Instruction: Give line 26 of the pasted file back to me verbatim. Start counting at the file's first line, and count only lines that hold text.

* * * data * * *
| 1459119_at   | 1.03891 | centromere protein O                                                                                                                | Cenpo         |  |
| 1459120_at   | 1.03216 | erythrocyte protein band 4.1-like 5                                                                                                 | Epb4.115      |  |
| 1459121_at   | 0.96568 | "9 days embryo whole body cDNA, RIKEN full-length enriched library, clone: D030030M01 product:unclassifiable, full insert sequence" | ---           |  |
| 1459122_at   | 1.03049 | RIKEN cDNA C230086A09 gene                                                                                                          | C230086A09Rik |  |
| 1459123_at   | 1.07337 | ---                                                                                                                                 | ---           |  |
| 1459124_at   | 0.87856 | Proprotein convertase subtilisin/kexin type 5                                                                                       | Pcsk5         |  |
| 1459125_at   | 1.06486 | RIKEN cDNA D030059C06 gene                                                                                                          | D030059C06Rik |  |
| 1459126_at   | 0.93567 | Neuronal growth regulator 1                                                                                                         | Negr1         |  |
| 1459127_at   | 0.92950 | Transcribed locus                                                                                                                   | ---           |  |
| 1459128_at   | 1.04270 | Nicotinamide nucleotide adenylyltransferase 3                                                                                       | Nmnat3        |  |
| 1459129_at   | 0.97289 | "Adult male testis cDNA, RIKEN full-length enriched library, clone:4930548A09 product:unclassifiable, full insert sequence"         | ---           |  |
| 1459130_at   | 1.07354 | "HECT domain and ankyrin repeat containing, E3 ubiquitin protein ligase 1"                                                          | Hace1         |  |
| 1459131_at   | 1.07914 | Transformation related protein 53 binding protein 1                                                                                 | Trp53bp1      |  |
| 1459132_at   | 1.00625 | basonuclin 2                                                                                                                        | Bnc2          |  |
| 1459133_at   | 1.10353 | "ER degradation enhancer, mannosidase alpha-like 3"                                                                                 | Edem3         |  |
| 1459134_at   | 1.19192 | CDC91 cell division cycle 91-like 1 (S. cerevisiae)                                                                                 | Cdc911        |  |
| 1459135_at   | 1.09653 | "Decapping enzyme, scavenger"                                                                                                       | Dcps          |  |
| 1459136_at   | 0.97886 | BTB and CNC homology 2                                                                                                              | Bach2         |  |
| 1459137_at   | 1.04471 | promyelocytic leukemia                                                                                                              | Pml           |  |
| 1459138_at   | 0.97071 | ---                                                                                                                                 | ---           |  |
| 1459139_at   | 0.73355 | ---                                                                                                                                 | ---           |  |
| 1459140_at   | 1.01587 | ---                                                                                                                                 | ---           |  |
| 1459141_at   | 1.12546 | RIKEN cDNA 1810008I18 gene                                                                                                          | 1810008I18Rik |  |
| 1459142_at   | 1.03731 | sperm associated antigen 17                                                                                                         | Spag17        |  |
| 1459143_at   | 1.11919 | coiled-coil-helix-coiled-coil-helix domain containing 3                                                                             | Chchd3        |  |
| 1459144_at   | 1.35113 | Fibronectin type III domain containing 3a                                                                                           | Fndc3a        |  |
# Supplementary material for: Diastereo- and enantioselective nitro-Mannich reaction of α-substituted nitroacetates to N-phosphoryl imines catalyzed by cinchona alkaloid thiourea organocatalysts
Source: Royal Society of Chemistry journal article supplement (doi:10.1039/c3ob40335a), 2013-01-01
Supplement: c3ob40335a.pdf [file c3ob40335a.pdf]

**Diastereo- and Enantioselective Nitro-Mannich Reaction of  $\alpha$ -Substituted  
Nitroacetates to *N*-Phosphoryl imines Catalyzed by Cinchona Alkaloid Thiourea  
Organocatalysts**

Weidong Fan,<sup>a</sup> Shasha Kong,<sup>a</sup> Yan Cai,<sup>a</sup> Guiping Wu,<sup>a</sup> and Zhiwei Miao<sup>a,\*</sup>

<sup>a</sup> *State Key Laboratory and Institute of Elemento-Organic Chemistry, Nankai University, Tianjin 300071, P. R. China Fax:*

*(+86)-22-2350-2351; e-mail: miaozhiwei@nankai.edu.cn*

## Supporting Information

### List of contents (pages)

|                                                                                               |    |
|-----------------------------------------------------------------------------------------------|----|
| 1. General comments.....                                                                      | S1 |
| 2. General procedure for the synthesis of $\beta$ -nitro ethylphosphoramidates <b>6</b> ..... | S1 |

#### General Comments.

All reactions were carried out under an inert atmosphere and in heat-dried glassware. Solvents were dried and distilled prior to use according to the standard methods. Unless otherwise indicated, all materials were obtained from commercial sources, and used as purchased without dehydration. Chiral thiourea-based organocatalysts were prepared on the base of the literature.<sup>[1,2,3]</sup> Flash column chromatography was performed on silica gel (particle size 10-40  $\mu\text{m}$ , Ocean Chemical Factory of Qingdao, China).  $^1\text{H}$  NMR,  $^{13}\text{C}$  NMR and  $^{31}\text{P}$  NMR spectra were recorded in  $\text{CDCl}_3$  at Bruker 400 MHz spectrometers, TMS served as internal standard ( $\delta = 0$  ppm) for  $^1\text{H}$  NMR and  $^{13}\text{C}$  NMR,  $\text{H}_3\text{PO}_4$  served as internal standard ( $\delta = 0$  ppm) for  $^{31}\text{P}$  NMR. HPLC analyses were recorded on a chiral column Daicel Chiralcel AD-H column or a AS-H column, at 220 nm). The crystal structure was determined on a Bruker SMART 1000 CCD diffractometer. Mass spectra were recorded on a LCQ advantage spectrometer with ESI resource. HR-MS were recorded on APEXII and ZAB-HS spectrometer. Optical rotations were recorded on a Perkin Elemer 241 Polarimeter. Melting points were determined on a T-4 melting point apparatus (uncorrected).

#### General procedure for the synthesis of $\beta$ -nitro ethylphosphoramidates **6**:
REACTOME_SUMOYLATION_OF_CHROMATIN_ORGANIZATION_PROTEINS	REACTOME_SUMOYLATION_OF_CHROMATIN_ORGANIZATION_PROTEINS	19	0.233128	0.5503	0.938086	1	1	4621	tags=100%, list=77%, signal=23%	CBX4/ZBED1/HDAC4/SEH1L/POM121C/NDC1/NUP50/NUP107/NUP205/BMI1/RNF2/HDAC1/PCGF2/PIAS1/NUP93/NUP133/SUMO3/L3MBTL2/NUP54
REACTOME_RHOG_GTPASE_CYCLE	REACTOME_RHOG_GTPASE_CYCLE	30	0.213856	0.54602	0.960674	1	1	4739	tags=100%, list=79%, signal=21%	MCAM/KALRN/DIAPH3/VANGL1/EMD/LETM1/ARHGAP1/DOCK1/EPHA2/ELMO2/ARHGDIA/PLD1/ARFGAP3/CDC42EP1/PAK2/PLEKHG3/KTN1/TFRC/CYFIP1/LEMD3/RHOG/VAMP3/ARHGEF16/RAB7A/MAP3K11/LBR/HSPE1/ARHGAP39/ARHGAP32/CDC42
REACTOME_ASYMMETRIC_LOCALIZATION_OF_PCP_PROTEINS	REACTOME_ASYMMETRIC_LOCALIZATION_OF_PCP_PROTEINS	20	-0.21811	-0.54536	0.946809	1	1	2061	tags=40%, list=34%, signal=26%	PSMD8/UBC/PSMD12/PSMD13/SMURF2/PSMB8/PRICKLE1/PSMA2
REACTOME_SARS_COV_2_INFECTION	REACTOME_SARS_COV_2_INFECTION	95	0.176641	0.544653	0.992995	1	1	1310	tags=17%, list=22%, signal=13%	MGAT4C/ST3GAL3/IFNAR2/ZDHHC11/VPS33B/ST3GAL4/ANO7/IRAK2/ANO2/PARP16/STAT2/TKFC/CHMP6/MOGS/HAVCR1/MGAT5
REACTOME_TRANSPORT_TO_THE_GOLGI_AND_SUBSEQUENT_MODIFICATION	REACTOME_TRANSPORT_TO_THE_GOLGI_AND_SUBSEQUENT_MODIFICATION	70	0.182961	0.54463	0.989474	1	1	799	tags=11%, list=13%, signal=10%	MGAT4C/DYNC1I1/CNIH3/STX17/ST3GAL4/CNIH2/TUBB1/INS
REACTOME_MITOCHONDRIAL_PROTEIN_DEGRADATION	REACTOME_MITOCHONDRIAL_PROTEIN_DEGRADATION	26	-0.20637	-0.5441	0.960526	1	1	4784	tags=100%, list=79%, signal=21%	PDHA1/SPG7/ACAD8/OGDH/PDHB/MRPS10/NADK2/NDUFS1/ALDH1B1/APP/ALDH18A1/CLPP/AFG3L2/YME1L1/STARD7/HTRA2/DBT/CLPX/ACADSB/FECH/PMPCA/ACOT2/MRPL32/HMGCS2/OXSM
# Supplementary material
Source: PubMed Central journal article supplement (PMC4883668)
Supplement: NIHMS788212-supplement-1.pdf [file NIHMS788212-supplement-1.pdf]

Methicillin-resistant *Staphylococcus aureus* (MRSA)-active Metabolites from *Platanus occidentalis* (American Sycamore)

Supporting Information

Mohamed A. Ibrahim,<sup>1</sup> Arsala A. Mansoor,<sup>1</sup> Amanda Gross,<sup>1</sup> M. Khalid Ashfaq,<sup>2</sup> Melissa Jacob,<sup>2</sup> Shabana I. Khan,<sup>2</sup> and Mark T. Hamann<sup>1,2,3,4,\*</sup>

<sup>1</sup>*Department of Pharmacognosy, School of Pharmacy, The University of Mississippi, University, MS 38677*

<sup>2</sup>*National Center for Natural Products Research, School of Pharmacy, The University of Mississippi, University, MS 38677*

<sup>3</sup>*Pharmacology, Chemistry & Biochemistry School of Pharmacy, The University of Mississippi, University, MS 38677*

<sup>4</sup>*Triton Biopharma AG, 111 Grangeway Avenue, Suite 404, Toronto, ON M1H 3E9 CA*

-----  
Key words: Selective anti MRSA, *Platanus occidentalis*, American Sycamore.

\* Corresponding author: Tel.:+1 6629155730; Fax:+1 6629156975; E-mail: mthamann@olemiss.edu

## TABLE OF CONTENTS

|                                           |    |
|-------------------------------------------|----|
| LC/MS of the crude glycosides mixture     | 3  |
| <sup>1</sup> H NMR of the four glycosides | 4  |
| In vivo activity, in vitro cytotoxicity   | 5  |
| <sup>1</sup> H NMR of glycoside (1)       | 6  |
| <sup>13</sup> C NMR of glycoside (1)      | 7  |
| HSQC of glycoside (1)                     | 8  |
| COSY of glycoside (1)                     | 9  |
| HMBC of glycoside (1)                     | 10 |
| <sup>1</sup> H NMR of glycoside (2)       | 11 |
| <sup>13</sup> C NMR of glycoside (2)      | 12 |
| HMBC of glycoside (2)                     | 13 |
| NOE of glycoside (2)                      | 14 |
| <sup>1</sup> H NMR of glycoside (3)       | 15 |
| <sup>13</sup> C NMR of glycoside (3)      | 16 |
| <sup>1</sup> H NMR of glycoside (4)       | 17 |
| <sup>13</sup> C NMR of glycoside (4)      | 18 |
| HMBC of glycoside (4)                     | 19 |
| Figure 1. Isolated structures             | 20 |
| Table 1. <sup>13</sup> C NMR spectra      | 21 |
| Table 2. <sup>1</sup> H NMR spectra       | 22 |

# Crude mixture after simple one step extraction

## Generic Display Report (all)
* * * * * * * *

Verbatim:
| 1459144_at   | 1.35113 | Fibronectin type III domain containing 3a                                                                                           | Fndc3a        |  |